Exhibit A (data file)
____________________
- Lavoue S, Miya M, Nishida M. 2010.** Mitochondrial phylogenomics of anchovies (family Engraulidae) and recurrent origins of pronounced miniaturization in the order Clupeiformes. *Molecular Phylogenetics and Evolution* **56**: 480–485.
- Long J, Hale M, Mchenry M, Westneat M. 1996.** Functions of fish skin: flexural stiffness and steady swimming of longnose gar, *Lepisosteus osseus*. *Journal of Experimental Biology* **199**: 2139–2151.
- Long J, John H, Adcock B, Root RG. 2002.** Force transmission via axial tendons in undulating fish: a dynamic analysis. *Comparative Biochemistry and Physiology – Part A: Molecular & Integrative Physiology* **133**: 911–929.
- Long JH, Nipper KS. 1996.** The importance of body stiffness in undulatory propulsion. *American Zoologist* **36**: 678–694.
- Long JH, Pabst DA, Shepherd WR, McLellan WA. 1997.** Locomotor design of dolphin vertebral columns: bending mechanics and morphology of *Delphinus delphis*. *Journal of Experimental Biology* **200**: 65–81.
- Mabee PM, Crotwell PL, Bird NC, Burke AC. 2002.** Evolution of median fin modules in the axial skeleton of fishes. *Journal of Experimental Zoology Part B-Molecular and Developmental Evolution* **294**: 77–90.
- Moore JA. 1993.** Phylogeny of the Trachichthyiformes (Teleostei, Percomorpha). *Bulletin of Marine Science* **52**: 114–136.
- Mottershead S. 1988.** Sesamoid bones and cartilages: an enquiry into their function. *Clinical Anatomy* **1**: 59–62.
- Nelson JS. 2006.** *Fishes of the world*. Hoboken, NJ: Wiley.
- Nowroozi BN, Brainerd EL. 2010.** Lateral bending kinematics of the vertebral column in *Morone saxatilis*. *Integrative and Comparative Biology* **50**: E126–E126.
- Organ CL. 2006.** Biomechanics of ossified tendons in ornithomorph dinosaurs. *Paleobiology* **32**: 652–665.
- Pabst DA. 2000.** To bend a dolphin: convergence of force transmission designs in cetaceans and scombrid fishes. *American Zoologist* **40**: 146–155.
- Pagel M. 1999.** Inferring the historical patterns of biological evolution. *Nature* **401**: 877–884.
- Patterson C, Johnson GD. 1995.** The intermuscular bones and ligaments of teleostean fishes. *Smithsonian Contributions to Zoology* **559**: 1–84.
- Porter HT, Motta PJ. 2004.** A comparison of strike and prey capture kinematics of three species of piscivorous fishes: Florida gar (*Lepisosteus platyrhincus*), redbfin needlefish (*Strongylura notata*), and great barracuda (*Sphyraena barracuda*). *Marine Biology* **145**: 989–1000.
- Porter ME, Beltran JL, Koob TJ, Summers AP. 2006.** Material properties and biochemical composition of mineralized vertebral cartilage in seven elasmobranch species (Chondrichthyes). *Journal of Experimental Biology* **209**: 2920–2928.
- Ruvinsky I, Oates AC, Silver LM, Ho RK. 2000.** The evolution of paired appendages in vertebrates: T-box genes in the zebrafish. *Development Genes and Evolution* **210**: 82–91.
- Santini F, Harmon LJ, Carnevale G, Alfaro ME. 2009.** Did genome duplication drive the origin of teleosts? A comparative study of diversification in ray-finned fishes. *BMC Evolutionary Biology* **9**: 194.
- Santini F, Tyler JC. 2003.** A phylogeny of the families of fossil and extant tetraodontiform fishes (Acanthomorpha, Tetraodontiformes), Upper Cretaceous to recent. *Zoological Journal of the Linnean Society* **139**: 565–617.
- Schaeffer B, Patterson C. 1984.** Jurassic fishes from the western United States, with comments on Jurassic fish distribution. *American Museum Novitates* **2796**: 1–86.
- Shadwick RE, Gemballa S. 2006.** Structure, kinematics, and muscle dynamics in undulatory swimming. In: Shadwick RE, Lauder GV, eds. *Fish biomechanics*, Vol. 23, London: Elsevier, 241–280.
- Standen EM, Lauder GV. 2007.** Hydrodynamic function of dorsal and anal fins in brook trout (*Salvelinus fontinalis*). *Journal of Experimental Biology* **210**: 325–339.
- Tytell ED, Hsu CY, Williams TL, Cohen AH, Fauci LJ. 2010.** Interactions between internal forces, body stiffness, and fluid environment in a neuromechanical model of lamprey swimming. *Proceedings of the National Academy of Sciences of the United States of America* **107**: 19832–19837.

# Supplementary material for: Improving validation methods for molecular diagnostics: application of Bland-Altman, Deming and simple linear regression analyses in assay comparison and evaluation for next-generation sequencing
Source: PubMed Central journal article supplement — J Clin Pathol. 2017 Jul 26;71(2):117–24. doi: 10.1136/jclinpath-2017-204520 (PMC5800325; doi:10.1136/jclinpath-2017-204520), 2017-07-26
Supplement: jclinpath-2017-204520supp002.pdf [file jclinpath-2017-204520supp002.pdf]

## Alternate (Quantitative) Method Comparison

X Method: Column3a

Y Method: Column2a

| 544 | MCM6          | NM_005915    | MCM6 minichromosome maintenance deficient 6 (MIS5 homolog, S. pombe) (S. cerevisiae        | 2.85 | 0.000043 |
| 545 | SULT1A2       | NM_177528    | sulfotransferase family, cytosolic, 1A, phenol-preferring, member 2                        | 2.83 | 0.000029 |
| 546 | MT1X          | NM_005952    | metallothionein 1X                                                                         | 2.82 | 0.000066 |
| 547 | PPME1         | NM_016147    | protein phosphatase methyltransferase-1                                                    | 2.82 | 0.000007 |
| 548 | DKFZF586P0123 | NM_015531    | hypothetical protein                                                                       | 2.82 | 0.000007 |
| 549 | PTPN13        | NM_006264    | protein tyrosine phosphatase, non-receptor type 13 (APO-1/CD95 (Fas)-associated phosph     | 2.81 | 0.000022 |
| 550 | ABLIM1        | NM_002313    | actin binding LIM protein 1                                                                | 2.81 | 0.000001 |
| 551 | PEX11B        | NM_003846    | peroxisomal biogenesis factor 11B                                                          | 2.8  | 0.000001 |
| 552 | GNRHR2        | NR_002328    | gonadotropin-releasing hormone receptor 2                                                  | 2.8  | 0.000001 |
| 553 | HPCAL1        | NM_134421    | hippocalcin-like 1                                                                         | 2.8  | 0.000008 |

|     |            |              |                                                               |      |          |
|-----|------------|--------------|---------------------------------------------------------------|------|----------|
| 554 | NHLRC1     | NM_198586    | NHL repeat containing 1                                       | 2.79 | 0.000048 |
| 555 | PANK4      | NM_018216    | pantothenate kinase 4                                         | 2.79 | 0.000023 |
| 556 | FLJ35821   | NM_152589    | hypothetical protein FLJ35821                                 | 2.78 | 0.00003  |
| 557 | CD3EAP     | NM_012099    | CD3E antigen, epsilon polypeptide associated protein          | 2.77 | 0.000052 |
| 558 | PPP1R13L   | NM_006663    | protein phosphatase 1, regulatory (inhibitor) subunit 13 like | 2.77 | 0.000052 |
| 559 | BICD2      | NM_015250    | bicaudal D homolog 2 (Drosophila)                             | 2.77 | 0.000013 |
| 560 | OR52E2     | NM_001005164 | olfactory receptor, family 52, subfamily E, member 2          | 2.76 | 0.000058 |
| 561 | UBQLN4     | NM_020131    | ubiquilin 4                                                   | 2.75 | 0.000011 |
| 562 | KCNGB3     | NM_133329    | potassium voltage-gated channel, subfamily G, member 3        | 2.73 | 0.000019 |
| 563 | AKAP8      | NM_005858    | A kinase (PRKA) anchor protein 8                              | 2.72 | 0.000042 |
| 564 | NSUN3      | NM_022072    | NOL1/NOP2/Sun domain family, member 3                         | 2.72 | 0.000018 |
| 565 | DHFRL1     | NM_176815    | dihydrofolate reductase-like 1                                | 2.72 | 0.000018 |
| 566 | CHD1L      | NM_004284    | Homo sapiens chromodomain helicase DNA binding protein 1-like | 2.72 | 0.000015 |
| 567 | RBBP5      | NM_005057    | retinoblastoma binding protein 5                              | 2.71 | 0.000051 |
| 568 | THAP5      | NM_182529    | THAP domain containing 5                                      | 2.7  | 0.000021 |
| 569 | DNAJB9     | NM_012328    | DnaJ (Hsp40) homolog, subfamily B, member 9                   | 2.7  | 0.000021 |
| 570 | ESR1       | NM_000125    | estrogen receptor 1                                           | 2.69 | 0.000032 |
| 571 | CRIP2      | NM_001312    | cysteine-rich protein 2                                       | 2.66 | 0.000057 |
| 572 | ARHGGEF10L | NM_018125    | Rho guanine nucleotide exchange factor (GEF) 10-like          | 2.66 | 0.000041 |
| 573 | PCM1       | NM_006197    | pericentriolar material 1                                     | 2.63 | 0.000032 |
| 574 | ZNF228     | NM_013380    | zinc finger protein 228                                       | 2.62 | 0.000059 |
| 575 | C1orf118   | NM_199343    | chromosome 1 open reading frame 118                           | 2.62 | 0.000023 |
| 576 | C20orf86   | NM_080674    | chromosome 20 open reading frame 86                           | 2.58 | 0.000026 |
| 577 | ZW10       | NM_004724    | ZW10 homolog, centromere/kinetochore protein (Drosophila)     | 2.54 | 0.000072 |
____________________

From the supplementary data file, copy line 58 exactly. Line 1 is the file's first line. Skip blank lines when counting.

| 570 | ESR1       | NM_000125    | estrogen receptor 1                                           | 2.69 | 0.000032 |